Transitive trust is not a new concept; in fact, it is how human beings have been making important decisions since the dawn of civilization. The challenge in the past was about discovery. I might have had to ask a lot of people before I found someone who knew Graham well enough to provide an introduction. Social networking sites bring transparency and efficiency to discovering mutual ties.

Facebook and LinkedIn encourage you to friend or make contacts with people who you do not know directly.  They do this if you give them access to your email contacts plus they match you up with people who have a common contact with you on their site.  This way hackers can gain access to post message on your wall.  Twitter does not have this problem, as you cannot post tweets directly on someone else´s wall.  However anyone can post tweets and direct them to hashtags (#), which is where your employees would find them as they read about different topics.

LinkedIn and Twitter shorten the URLs you post there.  As they do this, they say they check for malware. For example, when they block a site, LinkedIn says: “This link has been reported as participating in malicious behaviour or abuse. Facebook also says they scan for malware, but that did not prevent the Zeus virus from infecting users on their site last year.  This virus waits until you visit a bank website and then steals your user id and password.  If that person is your company financial controller or bookkeeper, that could be a big problem.

What about security issues relating to apps?

One of the inherent weaknesses with Facebook is that the apps that you install there can have access to post links on your wall.  So they can post seemingly harmless links to infected sites without the user knowing that. Your Facebook friends will then see that link.  Facebook has too many apps to scrutinize each carefully.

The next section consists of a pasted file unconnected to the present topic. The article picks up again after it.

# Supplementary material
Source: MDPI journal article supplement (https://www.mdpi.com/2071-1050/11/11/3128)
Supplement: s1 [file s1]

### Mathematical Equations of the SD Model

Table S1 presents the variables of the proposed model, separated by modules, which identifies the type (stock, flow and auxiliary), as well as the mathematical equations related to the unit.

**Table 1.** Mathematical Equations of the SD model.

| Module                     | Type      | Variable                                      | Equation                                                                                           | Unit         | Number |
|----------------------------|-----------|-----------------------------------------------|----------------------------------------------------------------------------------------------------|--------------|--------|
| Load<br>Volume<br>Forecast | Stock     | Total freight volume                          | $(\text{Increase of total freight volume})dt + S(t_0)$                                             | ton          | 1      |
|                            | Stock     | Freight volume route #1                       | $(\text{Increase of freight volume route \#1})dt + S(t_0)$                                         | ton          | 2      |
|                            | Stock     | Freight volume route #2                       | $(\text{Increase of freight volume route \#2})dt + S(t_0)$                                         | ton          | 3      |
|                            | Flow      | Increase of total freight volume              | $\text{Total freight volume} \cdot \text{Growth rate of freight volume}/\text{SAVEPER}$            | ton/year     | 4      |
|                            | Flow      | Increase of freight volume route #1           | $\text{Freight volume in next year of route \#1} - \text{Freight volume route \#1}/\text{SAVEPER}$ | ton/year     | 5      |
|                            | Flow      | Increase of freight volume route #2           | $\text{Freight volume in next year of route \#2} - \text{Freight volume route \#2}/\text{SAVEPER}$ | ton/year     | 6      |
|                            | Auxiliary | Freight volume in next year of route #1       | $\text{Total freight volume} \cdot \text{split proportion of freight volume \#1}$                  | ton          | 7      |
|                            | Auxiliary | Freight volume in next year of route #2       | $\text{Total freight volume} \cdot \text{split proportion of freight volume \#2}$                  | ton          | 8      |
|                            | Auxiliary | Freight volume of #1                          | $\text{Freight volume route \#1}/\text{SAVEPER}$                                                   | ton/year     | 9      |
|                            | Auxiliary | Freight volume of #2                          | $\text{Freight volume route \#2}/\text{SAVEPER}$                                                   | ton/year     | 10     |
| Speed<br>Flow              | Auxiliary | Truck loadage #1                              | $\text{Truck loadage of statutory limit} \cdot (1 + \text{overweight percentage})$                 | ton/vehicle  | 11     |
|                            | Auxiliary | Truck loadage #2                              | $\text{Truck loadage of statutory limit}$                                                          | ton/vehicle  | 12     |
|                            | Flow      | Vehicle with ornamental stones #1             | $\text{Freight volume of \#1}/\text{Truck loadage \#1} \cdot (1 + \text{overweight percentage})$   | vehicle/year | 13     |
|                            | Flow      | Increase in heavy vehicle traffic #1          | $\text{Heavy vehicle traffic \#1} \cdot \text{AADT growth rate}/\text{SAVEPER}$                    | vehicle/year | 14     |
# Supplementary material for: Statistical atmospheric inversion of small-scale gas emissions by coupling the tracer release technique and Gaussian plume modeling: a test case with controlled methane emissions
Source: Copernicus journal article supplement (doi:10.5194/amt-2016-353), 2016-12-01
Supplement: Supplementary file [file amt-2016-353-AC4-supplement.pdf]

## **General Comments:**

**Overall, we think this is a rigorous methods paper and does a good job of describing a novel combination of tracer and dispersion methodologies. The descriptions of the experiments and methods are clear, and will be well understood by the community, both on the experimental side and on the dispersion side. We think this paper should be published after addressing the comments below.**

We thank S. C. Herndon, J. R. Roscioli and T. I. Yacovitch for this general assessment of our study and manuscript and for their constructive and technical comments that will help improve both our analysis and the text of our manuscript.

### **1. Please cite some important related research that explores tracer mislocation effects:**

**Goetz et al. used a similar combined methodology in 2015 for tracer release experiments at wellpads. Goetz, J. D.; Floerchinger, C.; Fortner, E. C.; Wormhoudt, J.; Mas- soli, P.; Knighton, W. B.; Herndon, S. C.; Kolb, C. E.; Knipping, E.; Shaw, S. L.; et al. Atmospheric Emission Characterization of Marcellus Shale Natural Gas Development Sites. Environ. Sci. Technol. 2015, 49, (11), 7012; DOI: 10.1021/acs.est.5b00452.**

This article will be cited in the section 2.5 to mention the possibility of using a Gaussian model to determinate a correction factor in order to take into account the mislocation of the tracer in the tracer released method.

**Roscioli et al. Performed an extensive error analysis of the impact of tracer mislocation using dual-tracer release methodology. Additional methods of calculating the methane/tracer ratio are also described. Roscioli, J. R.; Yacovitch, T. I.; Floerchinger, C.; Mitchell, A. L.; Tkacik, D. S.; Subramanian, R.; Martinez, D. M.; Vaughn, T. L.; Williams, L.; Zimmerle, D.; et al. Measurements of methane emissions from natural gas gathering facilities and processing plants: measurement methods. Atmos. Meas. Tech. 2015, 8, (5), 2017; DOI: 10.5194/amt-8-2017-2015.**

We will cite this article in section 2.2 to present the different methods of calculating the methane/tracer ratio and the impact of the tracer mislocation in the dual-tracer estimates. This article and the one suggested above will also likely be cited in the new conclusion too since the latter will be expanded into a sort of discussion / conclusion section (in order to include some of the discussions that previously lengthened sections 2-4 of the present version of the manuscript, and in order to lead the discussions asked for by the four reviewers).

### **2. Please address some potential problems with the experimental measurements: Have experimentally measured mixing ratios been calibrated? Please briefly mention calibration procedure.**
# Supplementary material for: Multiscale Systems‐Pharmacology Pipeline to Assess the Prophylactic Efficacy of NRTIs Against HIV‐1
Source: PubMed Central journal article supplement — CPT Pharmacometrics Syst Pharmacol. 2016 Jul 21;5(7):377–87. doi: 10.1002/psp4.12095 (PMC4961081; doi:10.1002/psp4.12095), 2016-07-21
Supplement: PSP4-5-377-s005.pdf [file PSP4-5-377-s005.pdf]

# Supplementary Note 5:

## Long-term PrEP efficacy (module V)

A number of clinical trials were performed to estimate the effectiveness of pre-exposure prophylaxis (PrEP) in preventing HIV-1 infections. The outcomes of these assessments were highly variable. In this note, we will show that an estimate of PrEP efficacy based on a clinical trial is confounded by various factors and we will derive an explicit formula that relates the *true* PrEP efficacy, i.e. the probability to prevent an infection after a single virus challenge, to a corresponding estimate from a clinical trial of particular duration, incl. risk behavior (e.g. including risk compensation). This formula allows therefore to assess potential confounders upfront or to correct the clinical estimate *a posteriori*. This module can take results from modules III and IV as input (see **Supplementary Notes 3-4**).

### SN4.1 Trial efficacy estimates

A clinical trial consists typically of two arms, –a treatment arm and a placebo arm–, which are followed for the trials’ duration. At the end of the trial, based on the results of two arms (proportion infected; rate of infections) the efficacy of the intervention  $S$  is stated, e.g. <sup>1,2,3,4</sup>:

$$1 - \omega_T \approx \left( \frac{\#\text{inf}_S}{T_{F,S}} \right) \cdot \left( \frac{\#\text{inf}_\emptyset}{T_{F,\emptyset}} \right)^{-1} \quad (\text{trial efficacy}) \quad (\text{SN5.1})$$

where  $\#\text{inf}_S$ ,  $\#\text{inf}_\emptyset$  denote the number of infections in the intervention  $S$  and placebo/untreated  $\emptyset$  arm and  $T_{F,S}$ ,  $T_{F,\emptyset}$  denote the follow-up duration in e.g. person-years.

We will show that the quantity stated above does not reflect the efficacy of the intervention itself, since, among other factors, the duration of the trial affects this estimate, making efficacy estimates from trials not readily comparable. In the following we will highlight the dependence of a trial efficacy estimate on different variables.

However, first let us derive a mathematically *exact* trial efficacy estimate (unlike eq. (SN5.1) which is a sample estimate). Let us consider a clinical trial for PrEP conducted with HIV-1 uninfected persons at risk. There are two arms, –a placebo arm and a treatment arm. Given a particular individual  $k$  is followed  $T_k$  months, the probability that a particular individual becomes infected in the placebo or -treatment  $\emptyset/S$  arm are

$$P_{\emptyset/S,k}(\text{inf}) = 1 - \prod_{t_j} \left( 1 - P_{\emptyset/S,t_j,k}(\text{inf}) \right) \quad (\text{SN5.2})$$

Finally, whatever defences you put in place, such as blocking sites completely or selectively blocking categories of sites – these are not going to work when people are using their own devices outside your network.  They can infect their tablet or smartphone and then send that out in company mail inadvertently with a web email client or when they attach via VPN and use their mobile device to send company.

Wrapping up, one can deploy technology and improve security training to help mitigate the risks of social media.   But it is probably not a good idea to cut off access to social media, as most business, news, and culture is or has moved online and people need to be able to gain access to that for work. Security is the most important focus area for business and IT decision makers in the context of their email and web solutions. Because of the significant potential for malware and other threats to impact organizations as they enter through corporate email systems, web applications, and social media tools – and the enormous potential for financial and other damage they can cause – decision makers must focus heavily on the specific solutions that will be employed, whether these solutions will be part of an integrated suite of solutions or implemented on a best-of-breed basis, and the models that will be used to deliver them.

Download our full whitepaper outlining the latest research on Best Practises in Email, Web and Social Media Security.